Kaiser settles bias lawsuit
Insurer to pay $180K settlement, was accused of rescinding a job offer based on pregnancy
STORY SUMMARY »
Kaiser Foundation Health Plan has agreed to settle a pregnancy bias lawsuit brought by the U.S. Equal Employment Opportunity Commission on behalf of a California nurse for $180,000.
Without admitting any wrongdoing, Kaiser agreed to pay the amount to Margaret McIlroy, a registered labor and delivery nurse.
McIlroy had been offered a position in 2003 as director of nursing for obstetrics and pediatrics at Kaiser on Maui, a transfer and promotion from her position at Kaiser in Baldwin Park, Calif.
Two weeks before her October start date, she told Kaiser of her pregnancy and plans to take maternity leave that December. Less than 24 hours after that, she said, she got a phone message rescinding the Maui job offer.
Kaiser said in a statement that it followed all state and federal hiring laws but "agreed to resolve the matter in the interest of all parties concerned."
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Kaiser Foundation Health Plan has agreed to pay $180,000 to settle a pregnancy bias case brought to district court by the U.S. Equal Employment Opportunity Commission on behalf of a California nurse.
Margaret McIlroy, a registered labor and delivery nurse and certified midwife, had applied for a promotional transfer from Kaiser Southern California to the Kaiser Wailuku clinic in the fall of 2003.
But after extending a job offer as director of Nursing for Obstetrics and Pediatrics, Kaiser withdrew it less than 24 hours after McIlroy informed the hospital that she was pregnant, alleges the EEOC, violating Title VII of the Civil Rights Act of 1964.
Mcllroy, who was 44 at the time, got a voice mail message notifying her of Kaiser's rescission of the job offer. She was two weeks away from starting.
The settlement comes five months after Chaminade University agreed to pay $50,000 to settle another pregnancy bias suit filed by the U.S. EEOC on behalf of Chie McCaughey.
In that case, the EEOC said Chaminade withdrew its job offer to McCaughey as an off-campus program coordinator a day after she revealed that she was pregnant. Chaminade admitted no wrongdoing.
In the current case, McIlroy, then a nurse at Kaiser in Baldwin Park, Calif., had applied for the job in June 2003, received an offer, and was planning to start her new position the following month.
But her mother fell ill unexpectedly, and she delayed her transfer until October.
Two weeks before she was to start, she had a conversation with a human resources representative at Kaiser Wailuku, saying she intended to take maternity leave in December. Her due date was the first week of January 2004.
That same night, the nursing manager left her a message on her cell phone, withdrawing the job offer.
Though she may not have told that manager about her pregnancy directly, it was in her employment records. McIlroy said she had disclosed it -- along with her due date -- during an employee physical exam in June, in connection with her application for another Kaiser position in Hawaii.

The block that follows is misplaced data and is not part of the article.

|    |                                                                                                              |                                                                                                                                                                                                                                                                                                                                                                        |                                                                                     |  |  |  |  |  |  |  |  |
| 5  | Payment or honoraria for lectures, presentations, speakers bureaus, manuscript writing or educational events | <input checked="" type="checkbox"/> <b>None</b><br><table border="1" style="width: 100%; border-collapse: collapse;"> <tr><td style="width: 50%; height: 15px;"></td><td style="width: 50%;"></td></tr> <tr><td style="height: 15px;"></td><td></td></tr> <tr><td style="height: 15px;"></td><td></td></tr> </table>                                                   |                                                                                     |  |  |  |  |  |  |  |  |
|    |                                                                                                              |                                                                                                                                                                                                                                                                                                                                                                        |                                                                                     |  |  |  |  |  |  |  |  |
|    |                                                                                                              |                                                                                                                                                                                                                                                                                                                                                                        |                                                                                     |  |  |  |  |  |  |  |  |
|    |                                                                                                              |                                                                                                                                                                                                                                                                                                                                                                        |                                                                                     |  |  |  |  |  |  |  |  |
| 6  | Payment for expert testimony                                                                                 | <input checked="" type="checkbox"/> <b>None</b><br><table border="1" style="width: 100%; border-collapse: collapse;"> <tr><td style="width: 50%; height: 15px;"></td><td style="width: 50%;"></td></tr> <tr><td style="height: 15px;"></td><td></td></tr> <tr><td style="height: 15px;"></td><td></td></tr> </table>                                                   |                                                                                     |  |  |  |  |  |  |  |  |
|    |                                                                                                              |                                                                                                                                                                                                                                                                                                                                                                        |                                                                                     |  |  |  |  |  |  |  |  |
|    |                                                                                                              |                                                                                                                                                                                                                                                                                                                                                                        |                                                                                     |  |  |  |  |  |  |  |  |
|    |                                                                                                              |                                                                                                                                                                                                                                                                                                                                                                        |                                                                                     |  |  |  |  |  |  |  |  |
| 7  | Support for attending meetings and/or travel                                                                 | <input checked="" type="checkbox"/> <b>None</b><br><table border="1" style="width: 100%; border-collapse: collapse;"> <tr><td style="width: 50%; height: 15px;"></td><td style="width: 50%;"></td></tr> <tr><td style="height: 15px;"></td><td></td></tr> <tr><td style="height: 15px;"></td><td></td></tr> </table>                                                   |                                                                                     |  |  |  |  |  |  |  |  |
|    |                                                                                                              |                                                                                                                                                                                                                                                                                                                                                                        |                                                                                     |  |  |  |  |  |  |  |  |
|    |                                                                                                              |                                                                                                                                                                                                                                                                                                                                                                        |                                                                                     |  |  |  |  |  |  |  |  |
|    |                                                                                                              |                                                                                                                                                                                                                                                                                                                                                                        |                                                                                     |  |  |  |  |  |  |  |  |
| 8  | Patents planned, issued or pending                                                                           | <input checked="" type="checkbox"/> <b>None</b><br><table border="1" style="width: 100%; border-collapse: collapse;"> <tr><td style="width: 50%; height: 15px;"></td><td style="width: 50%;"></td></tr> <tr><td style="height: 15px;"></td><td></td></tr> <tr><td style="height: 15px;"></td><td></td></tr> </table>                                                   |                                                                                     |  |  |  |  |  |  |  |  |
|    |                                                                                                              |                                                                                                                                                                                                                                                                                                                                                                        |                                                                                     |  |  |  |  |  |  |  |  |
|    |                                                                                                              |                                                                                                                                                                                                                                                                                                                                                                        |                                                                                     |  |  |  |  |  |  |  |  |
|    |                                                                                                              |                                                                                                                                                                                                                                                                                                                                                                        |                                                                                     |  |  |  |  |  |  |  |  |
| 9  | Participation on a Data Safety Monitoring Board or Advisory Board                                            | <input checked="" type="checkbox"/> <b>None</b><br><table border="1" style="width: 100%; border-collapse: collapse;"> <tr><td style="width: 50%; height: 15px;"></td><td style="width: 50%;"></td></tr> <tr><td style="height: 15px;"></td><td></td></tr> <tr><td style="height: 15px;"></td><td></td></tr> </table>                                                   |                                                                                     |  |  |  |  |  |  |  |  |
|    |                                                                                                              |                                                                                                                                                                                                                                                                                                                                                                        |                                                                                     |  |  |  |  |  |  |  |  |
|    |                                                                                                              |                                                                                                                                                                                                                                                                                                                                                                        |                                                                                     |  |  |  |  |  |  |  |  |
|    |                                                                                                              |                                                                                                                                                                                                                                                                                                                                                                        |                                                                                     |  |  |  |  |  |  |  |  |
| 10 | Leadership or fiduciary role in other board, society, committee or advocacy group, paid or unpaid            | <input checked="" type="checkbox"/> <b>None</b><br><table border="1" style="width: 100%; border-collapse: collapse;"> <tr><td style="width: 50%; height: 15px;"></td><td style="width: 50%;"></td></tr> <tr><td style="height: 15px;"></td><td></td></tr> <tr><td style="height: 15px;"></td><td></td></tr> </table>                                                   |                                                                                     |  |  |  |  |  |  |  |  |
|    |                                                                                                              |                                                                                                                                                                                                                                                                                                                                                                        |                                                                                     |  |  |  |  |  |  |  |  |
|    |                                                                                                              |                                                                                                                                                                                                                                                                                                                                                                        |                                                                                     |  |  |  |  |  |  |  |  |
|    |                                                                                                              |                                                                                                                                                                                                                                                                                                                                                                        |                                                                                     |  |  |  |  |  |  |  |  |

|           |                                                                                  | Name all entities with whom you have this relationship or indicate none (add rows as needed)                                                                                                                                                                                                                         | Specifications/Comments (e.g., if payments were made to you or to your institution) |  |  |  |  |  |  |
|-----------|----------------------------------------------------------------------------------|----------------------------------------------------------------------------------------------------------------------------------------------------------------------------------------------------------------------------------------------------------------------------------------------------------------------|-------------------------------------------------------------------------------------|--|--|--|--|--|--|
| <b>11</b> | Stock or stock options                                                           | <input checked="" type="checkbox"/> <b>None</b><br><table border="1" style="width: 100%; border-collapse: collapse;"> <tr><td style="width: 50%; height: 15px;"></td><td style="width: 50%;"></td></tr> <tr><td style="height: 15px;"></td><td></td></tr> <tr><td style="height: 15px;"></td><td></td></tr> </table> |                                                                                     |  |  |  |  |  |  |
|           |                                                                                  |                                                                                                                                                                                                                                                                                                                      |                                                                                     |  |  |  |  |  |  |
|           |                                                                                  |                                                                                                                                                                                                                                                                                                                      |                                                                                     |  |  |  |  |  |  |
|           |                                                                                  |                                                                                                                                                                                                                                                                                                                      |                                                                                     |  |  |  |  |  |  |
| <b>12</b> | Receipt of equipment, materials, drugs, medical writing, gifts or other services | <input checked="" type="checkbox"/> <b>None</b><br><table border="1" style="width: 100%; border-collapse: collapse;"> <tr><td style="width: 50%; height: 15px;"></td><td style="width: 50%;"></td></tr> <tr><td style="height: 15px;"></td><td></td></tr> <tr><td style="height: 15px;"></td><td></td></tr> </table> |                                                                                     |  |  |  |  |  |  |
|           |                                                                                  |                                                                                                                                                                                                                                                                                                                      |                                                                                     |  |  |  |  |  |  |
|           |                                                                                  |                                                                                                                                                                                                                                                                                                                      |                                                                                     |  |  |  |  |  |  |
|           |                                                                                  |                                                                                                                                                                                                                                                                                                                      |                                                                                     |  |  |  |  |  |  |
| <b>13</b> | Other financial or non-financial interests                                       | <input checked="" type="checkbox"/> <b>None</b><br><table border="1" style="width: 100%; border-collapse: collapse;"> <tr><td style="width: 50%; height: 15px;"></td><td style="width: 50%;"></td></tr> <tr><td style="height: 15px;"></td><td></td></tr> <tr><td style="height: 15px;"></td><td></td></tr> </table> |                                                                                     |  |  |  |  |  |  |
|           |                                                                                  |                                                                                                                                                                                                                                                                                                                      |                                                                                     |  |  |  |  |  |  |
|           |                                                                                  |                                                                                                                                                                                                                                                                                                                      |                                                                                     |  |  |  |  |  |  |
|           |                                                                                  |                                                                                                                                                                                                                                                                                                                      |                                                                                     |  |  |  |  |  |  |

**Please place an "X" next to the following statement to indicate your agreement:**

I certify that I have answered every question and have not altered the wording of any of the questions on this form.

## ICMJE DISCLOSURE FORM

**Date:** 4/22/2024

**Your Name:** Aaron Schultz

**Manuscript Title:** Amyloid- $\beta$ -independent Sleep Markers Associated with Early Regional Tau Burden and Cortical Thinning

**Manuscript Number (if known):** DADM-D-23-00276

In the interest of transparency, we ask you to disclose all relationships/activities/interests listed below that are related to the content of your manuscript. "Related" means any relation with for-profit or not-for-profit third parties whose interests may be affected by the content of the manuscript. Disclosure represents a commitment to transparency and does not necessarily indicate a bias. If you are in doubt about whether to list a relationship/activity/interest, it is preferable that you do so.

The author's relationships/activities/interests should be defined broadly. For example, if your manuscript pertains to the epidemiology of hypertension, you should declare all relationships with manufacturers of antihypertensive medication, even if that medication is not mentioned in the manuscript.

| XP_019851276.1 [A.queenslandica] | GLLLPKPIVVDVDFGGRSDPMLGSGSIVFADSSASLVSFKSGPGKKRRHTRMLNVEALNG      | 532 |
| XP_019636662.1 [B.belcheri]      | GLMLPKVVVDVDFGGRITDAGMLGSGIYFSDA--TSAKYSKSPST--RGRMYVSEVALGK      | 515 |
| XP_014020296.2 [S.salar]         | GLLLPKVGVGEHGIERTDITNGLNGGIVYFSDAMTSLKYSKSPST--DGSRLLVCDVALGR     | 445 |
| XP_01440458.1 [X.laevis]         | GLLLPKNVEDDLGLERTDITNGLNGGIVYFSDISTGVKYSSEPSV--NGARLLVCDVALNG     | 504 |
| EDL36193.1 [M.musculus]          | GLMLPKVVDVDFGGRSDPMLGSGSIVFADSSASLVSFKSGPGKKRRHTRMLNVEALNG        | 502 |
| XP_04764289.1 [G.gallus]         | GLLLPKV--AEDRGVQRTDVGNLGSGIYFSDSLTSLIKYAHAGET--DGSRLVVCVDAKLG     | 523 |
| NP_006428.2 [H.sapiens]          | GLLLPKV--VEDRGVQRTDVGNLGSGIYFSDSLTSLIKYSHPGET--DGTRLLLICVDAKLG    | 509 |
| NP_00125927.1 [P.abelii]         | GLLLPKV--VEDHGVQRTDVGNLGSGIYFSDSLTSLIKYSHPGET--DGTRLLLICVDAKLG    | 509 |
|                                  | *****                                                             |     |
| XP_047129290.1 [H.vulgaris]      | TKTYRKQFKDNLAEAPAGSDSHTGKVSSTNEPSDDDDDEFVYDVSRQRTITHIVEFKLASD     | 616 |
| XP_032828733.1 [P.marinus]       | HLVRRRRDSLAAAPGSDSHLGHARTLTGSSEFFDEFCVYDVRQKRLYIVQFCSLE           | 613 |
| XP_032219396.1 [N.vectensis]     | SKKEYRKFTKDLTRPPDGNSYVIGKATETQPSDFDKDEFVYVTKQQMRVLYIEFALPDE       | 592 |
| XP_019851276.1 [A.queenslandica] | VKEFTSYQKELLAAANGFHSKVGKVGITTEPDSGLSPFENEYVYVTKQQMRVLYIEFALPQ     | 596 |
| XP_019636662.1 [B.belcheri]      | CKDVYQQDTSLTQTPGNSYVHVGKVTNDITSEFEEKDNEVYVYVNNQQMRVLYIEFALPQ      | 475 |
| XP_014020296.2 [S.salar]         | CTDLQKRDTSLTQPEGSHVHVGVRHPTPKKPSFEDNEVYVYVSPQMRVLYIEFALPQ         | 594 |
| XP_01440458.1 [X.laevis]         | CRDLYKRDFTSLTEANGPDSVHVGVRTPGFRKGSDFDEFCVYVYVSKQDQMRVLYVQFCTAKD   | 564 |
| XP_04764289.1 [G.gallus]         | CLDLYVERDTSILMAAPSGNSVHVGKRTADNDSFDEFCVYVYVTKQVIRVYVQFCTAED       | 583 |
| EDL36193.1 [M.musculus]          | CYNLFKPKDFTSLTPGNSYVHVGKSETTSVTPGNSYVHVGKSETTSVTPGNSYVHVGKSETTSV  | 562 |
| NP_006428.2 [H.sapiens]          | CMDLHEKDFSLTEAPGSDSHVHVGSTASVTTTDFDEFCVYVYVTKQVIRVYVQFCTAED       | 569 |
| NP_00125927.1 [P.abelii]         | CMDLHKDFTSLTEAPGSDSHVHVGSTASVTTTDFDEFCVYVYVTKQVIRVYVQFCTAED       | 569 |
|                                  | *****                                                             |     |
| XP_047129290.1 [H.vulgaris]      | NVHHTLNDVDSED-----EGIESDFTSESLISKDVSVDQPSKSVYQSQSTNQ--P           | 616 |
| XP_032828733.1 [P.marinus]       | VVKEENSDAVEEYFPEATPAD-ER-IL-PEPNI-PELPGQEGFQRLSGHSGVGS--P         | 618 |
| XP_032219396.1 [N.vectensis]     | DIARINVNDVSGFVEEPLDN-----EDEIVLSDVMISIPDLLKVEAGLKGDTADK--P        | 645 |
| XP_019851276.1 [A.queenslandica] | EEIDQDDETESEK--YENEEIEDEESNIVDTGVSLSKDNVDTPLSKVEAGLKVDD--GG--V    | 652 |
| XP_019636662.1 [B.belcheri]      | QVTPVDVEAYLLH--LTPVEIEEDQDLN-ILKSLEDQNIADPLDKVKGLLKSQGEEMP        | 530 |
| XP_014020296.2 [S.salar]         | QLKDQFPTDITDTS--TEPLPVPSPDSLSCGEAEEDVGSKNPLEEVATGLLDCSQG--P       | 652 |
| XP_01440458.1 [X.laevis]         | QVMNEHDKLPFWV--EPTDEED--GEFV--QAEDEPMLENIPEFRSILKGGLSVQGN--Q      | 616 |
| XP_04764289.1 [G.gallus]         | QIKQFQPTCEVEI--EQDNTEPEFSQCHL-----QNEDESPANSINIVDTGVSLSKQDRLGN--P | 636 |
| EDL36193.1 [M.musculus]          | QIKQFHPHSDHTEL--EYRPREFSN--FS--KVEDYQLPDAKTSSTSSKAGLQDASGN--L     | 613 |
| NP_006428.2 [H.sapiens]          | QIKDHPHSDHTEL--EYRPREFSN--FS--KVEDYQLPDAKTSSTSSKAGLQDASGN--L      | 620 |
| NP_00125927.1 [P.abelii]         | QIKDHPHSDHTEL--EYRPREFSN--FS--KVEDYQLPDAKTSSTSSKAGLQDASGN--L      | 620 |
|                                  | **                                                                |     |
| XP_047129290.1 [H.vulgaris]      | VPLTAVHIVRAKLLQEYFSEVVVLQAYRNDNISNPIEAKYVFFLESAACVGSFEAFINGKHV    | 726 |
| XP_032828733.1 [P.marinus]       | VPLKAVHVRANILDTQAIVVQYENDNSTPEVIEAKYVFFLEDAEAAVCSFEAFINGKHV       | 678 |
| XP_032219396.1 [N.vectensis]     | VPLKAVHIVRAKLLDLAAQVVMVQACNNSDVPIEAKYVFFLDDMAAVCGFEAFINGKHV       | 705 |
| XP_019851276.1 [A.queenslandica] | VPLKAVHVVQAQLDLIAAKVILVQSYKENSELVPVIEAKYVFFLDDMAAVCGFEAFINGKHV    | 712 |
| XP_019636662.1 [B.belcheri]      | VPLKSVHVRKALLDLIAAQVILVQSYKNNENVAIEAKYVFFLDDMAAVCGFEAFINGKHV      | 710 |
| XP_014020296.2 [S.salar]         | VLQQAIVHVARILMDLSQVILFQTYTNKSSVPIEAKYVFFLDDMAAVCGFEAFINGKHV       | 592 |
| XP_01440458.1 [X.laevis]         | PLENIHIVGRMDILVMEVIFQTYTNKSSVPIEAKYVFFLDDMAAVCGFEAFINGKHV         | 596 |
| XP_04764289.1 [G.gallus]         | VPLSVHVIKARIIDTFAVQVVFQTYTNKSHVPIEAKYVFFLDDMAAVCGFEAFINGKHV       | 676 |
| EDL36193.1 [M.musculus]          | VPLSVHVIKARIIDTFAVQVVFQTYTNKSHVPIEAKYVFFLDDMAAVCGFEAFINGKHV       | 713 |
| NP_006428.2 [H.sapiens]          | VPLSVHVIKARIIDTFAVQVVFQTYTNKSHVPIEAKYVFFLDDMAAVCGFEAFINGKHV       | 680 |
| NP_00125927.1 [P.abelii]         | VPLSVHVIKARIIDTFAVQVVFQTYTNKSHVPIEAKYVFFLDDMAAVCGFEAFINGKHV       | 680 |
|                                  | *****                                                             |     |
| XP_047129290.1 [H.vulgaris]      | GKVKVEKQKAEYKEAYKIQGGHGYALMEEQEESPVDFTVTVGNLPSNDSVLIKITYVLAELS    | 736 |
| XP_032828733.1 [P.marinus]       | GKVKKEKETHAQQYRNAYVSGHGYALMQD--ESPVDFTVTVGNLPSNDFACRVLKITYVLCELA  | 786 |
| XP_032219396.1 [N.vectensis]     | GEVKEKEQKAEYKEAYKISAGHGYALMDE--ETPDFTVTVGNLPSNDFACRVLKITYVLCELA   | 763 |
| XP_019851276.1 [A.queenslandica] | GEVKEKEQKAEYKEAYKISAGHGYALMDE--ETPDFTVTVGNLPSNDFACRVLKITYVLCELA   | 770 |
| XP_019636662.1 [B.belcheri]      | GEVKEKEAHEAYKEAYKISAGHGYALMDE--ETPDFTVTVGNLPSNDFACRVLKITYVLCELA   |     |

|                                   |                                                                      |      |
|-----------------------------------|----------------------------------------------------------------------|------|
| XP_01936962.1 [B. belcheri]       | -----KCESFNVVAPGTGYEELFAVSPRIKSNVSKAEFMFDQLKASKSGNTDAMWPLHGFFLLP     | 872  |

Kaiser issued a statement saying: "From the outset of this case, we have maintained that we followed all state and federal hiring laws; however we agreed to resolve the matter in the interest of all parties concerned."
The settlement was reached with no admission of liability on Kaiser Hawaii's part.
"We will augment our already extensive policies and training programs to better reflect what our actual practices have always been," said Kaiser in the statement.
As part of the settlement, Kaiser will have to post its policies on the Internet and Intranet, make sure employees are trained, and provide annual reports to the EEOC on any internal complaints on pregnancy discrimination in the Hawaii region.
Mcllroy, meanwhile, said in a press release that she wanted to stand up for her own rights as well as for all women.
"Standing up for my civil and God-given rights has come at an incalculable and a never-ending cost to my family and myself, but I felt strongly that I had to speak out," said McIlroy. "It started as, and has always been, the mere principle of the matter ... trying to protect ALL women from having this happen to them."
Kaiser also agreed to a separate, confidential settlement on other claims by McIlroy that weren't covered under Title VII, one of which was a violation of the Family and Medical Leave Act.
For those claims, she was represented by Wailuku attorney Kevin H.S. Yuen.
Timothy Riera, EEOC Honolulu's director, said that pregnancy bias cases show an upward trend nationwide, with a record high of 4,901 charges filed last year.
The number of pregnancy bias cases filed with the Hawaii Civil Rights Commission grew from 23 in fiscal year 2005 to 30 in 2006. A total of 24 cases have been filed so far this fiscal year, which ended June 30.
EEOC San Francisco regional attorney William Tamayo said: "The law is clear that employers cannot change their mind about a qualified candidate simply because they learn she is pregnant and will need to take a maternity leave. We filed this lawsuit to send a message to employers that pregnancy discrimination will not be tolerated."